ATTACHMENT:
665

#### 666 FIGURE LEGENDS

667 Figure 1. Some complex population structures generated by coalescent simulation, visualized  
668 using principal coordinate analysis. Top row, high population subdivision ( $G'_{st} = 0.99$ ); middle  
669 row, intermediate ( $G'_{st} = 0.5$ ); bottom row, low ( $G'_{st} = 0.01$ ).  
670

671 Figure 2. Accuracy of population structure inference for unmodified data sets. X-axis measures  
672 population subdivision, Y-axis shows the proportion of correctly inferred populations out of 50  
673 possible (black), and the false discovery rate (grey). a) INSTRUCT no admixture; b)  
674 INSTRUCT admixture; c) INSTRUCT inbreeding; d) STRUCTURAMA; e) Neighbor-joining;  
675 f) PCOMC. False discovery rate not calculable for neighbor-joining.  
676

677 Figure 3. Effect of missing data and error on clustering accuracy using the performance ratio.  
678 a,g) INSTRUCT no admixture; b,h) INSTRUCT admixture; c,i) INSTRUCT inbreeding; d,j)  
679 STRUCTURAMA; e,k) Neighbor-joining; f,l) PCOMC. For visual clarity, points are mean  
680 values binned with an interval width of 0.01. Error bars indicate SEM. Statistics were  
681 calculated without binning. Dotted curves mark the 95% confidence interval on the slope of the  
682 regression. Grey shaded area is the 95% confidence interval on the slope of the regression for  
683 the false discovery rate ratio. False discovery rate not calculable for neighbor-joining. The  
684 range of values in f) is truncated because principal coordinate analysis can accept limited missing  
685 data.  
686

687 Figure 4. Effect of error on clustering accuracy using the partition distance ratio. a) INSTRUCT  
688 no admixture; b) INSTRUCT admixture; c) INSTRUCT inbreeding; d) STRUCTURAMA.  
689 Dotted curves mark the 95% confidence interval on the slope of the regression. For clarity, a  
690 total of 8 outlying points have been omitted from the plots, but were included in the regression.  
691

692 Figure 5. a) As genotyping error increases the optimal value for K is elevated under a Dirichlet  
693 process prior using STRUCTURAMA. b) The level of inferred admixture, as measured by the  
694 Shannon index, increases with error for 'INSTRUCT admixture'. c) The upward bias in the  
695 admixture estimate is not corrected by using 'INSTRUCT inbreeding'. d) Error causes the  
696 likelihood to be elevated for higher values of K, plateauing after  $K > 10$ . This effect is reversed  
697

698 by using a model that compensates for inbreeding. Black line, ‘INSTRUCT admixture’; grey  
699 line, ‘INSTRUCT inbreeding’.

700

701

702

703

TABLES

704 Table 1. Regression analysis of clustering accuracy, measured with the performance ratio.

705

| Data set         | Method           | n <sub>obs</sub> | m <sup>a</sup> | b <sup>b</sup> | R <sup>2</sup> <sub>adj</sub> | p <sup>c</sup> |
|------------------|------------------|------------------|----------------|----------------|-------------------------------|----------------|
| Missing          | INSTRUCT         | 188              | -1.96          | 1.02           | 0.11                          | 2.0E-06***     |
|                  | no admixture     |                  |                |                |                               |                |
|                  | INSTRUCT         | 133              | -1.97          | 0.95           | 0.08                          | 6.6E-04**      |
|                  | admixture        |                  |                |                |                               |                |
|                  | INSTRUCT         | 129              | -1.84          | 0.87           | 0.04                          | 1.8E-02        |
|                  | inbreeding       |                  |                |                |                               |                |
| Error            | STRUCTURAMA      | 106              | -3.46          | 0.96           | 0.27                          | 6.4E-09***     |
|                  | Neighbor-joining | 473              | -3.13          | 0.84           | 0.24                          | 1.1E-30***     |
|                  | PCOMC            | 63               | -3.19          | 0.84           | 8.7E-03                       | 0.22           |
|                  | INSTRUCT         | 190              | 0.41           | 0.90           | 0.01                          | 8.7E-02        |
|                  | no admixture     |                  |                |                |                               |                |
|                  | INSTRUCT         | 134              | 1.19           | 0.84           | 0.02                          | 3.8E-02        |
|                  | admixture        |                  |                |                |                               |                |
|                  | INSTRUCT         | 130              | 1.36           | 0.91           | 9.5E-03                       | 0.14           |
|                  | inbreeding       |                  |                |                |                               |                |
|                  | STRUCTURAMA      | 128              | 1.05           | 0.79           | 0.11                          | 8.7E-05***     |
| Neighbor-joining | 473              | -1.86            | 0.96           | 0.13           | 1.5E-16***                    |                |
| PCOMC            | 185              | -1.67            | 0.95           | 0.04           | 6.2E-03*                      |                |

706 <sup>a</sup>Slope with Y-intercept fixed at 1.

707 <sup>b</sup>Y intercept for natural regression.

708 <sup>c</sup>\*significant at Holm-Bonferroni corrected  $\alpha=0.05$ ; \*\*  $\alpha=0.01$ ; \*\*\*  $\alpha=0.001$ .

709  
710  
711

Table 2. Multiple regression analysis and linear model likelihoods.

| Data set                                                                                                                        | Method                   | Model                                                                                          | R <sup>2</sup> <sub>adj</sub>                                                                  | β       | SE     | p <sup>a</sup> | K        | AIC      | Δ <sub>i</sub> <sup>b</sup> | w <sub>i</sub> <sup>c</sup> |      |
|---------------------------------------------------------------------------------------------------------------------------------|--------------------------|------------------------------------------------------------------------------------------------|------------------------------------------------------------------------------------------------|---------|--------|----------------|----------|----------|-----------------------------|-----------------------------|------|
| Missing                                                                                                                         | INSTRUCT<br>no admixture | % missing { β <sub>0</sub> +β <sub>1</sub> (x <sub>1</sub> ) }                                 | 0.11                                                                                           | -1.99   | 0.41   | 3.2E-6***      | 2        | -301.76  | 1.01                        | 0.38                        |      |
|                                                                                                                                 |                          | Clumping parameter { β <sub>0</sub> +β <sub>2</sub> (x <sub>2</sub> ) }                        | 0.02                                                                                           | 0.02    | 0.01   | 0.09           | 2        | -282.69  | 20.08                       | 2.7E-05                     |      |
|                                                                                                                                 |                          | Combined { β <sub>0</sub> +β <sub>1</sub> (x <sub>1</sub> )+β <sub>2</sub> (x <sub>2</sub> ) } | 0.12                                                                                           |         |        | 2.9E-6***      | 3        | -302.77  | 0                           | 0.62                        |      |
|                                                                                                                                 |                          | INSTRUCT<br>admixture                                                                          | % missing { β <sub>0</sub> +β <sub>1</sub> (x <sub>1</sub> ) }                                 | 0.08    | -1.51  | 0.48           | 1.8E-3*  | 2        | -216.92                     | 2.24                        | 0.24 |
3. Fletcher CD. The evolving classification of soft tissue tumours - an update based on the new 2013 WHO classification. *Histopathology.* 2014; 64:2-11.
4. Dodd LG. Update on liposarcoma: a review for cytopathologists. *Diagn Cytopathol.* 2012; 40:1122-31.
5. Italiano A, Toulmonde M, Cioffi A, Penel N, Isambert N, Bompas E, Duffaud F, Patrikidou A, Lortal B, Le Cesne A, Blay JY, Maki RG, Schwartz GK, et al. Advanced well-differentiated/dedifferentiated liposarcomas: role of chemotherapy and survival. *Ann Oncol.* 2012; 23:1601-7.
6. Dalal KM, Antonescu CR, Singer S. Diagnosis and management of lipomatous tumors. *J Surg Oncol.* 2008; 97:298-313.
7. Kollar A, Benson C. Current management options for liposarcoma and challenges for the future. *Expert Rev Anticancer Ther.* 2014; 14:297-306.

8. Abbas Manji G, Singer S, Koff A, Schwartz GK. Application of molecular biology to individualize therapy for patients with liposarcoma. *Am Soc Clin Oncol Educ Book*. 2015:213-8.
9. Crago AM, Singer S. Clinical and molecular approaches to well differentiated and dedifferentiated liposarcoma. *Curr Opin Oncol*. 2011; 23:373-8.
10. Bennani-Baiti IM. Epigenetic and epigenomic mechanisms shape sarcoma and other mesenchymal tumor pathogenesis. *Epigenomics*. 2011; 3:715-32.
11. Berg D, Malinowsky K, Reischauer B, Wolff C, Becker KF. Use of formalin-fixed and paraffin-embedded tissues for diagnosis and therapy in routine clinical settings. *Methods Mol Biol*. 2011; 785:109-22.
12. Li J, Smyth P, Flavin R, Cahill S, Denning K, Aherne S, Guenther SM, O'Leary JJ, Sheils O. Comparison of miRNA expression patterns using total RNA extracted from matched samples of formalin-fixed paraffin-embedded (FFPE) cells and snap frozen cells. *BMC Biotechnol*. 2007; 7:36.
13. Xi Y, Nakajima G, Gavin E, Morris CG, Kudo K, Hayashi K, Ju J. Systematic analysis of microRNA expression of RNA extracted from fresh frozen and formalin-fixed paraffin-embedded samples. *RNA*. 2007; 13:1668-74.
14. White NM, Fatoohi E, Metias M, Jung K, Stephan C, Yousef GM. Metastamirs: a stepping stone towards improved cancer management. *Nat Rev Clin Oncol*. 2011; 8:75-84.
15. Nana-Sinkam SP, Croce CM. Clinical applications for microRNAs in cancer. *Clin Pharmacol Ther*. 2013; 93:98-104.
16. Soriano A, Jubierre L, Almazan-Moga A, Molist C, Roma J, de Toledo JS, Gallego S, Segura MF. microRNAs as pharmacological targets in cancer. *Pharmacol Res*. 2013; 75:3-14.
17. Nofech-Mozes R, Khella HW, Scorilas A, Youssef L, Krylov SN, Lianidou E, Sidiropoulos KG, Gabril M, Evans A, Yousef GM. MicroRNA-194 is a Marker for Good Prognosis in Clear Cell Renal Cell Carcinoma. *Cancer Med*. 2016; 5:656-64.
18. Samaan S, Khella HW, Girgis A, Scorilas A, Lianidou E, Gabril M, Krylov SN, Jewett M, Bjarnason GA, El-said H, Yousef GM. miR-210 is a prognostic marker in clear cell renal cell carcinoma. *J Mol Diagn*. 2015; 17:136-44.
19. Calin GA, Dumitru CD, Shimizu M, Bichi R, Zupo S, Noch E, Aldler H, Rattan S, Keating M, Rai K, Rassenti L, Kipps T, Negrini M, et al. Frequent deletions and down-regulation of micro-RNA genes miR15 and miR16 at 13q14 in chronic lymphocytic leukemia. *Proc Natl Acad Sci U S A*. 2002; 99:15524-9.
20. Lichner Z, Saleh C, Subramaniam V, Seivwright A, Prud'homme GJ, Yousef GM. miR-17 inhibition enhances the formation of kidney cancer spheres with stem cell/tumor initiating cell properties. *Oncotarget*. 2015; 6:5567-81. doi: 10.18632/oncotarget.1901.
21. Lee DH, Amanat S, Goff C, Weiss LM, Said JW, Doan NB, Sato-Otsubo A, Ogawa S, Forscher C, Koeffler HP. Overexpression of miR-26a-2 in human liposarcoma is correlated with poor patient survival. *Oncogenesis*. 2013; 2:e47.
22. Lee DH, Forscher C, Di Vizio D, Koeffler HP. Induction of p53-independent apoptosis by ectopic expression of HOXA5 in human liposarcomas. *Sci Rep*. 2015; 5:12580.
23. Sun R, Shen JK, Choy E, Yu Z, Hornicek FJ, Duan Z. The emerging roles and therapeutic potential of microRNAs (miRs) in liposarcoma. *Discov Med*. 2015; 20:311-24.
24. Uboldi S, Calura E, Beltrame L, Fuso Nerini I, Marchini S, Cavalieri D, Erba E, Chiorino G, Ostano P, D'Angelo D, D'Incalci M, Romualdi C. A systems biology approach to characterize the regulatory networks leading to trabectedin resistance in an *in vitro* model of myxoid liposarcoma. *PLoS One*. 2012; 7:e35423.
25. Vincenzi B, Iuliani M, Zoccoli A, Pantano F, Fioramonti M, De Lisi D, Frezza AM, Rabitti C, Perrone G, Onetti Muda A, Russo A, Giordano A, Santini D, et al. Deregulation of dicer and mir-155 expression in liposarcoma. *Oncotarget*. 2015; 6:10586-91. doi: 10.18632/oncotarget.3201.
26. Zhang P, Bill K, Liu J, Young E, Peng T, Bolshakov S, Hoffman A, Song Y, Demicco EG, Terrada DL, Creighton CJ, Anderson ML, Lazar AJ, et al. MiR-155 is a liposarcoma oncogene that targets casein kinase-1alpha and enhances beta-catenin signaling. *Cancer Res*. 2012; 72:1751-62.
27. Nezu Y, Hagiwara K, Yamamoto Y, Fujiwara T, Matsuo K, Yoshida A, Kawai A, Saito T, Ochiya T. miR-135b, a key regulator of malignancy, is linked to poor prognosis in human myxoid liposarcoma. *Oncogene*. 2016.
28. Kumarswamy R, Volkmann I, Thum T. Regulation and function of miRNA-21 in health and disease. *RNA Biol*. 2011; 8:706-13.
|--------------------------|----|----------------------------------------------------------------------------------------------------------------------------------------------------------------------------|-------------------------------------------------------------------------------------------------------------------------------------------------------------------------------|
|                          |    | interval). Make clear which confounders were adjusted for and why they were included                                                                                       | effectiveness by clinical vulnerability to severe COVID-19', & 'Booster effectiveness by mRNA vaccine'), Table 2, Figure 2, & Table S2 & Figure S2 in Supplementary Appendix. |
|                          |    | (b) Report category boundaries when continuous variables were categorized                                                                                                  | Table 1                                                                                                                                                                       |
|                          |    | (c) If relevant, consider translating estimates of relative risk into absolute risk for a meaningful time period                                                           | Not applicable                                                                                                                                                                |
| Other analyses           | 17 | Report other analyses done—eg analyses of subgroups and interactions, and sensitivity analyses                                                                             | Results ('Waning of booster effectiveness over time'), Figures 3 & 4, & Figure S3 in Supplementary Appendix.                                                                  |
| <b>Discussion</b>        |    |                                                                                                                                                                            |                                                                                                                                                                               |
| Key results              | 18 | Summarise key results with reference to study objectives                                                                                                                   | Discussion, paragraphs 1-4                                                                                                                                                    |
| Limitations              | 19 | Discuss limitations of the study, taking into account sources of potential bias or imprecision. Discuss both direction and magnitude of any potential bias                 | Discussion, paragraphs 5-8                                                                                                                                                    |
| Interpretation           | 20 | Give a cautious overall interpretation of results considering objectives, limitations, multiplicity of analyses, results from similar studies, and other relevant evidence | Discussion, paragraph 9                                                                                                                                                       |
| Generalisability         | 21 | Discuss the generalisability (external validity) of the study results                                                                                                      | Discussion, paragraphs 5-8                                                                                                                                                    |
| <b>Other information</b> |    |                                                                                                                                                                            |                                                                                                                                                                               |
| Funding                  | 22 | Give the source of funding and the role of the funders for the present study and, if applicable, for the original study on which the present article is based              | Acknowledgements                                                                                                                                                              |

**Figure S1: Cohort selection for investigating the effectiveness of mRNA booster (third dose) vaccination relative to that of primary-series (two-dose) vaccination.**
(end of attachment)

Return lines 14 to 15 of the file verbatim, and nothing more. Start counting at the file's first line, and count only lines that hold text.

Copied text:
678 a,g) INSTRUCT no admixture; b,h) INSTRUCT admixture; c,i) INSTRUCT inbreeding; d,j)  
679 STRUCTURAMA; e,k) Neighbor-joining; f,l) PCOMC. For visual clarity, points are mean  